The import substitution policy was then replaced in the mid-1970s with the policies to boost exports. The impact of this shift in policy meant that not only Thailand now had a strong agrarian and industrialized economy but it also diversified in a sense that its economic structure became export-led which had a portfolio as diversified that it included textiles, electronics, chemicals, iron and steel, and minerals. One of the reasons for this diversity in the portfolio was the abundance of labor and natural resources. Thus, Thailand took complete advantage of globalization and its economy reported a growth in its average real GDP of 6.6% from 1960 to 1996 (The Brooker Plc p.8-9). This growth is the average growth rate in these years, there were also years in which Thailand witnessed exponential growth rate in terms of GDP and until 1997, Thailand was all set become the regional hub of the business and commerce activities in the region.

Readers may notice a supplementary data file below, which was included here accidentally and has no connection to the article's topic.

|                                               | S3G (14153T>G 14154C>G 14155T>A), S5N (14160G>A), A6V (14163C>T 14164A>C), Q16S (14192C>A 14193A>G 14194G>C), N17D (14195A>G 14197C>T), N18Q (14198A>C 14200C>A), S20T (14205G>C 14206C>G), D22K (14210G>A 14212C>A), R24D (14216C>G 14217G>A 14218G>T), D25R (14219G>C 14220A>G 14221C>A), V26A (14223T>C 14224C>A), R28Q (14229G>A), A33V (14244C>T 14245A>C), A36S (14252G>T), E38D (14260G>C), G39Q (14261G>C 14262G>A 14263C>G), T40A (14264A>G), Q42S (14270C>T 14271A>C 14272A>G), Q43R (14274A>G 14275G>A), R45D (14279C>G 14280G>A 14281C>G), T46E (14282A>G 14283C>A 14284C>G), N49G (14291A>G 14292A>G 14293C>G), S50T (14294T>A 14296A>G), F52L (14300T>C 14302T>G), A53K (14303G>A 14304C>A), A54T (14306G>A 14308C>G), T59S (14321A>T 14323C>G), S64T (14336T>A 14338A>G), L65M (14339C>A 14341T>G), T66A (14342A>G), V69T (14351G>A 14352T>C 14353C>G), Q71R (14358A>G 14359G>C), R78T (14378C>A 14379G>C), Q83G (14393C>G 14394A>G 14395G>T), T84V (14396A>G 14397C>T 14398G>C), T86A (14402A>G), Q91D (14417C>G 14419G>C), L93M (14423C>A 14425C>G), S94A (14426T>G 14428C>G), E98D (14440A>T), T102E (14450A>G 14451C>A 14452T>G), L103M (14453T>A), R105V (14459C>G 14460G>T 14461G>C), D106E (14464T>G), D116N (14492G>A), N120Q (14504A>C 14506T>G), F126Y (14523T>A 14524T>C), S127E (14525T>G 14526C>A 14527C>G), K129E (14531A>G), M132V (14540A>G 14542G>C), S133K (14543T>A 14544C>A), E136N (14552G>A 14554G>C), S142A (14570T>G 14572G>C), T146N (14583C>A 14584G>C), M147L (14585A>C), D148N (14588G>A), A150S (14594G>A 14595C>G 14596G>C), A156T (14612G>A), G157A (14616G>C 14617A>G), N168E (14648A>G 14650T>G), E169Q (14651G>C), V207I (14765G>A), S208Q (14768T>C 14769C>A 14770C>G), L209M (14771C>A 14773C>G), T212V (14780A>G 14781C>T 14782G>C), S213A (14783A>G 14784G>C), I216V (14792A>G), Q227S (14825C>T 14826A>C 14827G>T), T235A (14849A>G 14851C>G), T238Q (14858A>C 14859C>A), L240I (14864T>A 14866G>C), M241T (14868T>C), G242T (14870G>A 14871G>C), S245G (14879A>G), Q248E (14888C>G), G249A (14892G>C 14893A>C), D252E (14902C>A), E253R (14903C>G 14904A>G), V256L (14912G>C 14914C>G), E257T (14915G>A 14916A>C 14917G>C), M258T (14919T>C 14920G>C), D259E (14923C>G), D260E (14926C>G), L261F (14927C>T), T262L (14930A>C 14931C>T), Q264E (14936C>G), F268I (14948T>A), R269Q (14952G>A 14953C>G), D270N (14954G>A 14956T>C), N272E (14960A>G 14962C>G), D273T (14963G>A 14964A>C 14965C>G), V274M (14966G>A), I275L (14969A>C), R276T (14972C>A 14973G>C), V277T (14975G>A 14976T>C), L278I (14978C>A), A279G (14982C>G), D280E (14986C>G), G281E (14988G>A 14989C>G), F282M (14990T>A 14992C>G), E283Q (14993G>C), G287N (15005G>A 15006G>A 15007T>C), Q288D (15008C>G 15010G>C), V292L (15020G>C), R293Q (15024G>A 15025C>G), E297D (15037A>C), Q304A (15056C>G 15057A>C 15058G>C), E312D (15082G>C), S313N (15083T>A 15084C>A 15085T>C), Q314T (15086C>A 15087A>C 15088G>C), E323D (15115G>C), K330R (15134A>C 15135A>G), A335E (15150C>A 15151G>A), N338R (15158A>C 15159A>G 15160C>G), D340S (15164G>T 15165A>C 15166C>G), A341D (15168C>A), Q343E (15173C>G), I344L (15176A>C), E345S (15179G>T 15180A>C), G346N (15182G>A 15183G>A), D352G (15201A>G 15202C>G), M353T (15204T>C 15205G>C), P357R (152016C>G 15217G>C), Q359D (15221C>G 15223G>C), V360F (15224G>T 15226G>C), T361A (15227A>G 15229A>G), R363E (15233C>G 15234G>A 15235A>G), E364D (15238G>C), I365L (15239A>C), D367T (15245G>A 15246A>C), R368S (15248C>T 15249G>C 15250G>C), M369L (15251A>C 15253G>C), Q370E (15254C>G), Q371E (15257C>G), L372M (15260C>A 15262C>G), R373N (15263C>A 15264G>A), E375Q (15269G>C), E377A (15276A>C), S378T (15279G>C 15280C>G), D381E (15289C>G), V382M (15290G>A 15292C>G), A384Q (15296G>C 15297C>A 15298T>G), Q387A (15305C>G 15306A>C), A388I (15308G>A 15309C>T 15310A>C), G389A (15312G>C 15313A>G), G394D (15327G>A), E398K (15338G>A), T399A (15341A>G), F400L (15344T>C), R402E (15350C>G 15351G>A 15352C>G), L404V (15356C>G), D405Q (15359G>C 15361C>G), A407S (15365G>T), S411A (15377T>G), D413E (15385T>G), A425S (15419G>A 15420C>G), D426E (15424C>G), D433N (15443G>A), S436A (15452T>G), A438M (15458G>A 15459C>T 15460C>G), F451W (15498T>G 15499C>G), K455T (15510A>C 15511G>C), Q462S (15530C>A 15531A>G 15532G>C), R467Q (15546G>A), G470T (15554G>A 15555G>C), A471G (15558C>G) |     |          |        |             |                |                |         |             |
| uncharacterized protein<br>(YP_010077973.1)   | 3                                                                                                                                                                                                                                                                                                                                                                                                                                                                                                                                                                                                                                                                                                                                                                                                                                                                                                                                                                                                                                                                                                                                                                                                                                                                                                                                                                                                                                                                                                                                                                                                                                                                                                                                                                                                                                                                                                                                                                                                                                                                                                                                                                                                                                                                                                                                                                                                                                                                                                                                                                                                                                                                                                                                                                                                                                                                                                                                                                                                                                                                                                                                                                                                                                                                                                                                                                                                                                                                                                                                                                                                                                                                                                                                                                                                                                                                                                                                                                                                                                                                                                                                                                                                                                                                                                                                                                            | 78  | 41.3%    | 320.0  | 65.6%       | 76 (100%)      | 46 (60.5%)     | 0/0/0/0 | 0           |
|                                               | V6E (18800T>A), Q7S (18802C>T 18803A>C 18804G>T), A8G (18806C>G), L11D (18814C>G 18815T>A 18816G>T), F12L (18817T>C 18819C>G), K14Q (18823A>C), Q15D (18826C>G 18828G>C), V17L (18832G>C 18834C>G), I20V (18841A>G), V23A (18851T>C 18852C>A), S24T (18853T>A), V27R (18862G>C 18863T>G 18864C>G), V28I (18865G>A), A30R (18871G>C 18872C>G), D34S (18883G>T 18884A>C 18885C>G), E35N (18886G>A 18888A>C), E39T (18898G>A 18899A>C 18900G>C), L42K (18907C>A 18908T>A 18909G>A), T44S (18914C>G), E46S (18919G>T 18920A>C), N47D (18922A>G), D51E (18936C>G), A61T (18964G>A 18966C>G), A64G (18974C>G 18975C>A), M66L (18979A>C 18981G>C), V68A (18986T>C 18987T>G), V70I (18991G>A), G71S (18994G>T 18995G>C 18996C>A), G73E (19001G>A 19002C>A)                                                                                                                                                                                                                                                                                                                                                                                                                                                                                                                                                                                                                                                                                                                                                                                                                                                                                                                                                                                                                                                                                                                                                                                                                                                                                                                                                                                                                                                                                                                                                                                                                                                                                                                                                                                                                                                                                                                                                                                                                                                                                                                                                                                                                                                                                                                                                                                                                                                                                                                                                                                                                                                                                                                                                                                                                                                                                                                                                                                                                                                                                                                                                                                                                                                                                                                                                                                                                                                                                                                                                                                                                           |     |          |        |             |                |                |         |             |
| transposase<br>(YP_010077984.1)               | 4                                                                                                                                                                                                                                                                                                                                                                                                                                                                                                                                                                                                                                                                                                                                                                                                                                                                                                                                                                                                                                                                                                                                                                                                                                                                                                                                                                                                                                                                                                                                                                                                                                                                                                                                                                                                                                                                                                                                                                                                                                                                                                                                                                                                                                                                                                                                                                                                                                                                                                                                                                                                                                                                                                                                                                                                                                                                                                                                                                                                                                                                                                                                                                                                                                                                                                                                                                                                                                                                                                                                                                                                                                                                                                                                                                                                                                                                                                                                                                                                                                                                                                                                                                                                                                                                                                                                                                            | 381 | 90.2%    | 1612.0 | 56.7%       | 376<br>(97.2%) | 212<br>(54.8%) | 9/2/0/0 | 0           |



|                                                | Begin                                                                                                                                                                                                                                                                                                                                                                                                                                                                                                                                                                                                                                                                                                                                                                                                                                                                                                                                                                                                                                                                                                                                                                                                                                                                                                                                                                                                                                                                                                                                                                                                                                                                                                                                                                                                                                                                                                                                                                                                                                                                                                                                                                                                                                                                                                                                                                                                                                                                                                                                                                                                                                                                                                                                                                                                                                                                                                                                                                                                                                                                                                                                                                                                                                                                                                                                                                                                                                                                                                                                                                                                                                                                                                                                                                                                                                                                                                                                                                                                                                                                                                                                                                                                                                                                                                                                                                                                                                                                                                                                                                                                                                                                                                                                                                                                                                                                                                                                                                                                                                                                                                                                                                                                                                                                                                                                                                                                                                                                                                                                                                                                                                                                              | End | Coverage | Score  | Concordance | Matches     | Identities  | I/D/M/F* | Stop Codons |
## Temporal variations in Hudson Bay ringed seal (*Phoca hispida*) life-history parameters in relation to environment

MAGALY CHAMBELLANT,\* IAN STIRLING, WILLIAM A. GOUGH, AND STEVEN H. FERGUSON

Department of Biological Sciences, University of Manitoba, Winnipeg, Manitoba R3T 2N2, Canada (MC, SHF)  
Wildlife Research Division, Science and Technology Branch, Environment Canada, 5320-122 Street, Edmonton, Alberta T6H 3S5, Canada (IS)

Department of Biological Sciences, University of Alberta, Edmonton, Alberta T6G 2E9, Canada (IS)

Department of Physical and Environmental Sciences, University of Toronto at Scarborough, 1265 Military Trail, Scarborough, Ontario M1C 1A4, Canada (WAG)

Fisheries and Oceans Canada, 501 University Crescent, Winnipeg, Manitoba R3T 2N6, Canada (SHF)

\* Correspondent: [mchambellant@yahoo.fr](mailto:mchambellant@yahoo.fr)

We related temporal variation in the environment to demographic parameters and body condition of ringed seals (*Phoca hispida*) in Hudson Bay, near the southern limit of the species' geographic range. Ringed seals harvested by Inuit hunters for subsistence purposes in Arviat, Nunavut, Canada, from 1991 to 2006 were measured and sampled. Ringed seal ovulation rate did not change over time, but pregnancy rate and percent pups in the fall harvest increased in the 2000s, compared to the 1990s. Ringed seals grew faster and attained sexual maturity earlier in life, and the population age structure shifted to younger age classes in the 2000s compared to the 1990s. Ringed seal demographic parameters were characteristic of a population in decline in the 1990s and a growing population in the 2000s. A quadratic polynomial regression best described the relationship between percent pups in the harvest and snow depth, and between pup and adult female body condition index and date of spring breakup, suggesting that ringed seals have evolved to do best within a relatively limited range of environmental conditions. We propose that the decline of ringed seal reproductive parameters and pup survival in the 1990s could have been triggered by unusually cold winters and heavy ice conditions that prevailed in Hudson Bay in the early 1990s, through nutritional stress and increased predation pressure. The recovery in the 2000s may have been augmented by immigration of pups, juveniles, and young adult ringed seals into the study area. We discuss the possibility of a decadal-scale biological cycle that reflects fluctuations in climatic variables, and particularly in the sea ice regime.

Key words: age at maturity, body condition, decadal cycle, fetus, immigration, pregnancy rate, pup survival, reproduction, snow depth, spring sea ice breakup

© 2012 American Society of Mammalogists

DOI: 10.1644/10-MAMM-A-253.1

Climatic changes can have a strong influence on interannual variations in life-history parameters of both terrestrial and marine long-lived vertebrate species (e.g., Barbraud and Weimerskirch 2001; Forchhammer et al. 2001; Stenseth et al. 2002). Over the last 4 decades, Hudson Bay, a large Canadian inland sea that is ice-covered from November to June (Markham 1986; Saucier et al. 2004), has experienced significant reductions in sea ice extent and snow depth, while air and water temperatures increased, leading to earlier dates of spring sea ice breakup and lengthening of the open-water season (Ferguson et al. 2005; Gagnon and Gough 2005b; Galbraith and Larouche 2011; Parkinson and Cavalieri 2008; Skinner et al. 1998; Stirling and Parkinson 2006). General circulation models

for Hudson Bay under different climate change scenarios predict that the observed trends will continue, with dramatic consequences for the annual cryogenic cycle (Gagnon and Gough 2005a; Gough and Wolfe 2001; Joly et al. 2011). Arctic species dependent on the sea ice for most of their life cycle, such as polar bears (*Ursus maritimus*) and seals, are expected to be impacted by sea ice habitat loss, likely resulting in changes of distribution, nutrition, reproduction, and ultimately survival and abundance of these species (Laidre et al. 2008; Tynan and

Before 1997 Thailand implemented a policy of fixed exchange rate. Its exchange rate was pegged against the dollar. This effectively reduced the transaction costs attached to the inflow and outflow of investments. This obviously resulted in speedy growth as a result of the foreign direct investment. Unfortunately, the lack of foresight and anticipation on the part of Thai government led to the settlement of an economy which was heavily dependent on this direct investment. This policy saw its negative ambiance when in 1997 the investors lost confidence in the recovery of their investments and thus began to keep a check on their investments. The trigger down effect led to heavy speculations against baht and the local investors sold baht and bought more dollars. This caused the capital outflows from the country. But the real impact was felt when the government decided to float the exchange rate.